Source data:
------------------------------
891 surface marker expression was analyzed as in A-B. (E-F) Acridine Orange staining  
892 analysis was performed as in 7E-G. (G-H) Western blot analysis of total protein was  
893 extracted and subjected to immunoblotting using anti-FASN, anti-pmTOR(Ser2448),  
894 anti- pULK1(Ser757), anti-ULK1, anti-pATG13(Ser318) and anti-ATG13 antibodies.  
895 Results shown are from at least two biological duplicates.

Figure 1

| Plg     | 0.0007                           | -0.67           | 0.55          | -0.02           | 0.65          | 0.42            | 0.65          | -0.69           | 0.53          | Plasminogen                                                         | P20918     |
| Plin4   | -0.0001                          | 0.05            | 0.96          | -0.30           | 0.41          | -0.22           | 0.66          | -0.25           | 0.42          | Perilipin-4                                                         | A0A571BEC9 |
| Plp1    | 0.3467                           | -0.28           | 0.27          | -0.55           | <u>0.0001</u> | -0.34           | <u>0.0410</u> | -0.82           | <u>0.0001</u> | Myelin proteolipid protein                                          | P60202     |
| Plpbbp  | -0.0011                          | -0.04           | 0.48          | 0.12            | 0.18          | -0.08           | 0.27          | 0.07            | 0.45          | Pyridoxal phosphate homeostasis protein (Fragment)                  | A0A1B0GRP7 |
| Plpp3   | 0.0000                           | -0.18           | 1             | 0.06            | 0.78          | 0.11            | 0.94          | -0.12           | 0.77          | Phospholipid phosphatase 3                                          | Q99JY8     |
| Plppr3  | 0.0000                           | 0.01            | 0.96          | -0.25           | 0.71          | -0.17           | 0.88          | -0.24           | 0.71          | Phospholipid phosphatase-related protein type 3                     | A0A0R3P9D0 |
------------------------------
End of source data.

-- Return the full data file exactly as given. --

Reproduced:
891 surface marker expression was analyzed as in A-B. (E-F) Acridine Orange staining  
892 analysis was performed as in 7E-G. (G-H) Western blot analysis of total protein was  
893 extracted and subjected to immunoblotting using anti-FASN, anti-pmTOR(Ser2448),  
894 anti- pULK1(Ser757), anti-ULK1, anti-pATG13(Ser318) and anti-ATG13 antibodies.  
895 Results shown are from at least two biological duplicates.

Figure 1

| Plg     | 0.0007                           | -0.67           | 0.55          | -0.02           | 0.65          | 0.42            | 0.65          | -0.69           | 0.53          | Plasminogen                                                         | P20918     |
| Plin4   | -0.0001                          | 0.05            | 0.96          | -0.30           | 0.41          | -0.22           | 0.66          | -0.25           | 0.42          | Perilipin-4                                                         | A0A571BEC9 |
| Plp1    | 0.3467                           | -0.28           | 0.27          | -0.55           | <u>0.0001</u> | -0.34           | <u>0.0410</u> | -0.82           | <u>0.0001</u> | Myelin proteolipid protein                                          | P60202     |
| Plpbbp  | -0.0011                          | -0.04           | 0.48          | 0.12            | 0.18          | -0.08           | 0.27          | 0.07            | 0.45          | Pyridoxal phosphate homeostasis protein (Fragment)                  | A0A1B0GRP7 |
| Plpp3   | 0.0000                           | -0.18           | 1             | 0.06            | 0.78          | 0.11            | 0.94          | -0.12           | 0.77          | Phospholipid phosphatase 3                                          | Q99JY8     |
| Plppr3  | 0.0000                           | 0.01            | 0.96          | -0.25           | 0.71          | -0.17           | 0.88          | -0.24           | 0.71          | Phospholipid phosphatase-related protein type 3                     | A0A0R3P9D0 |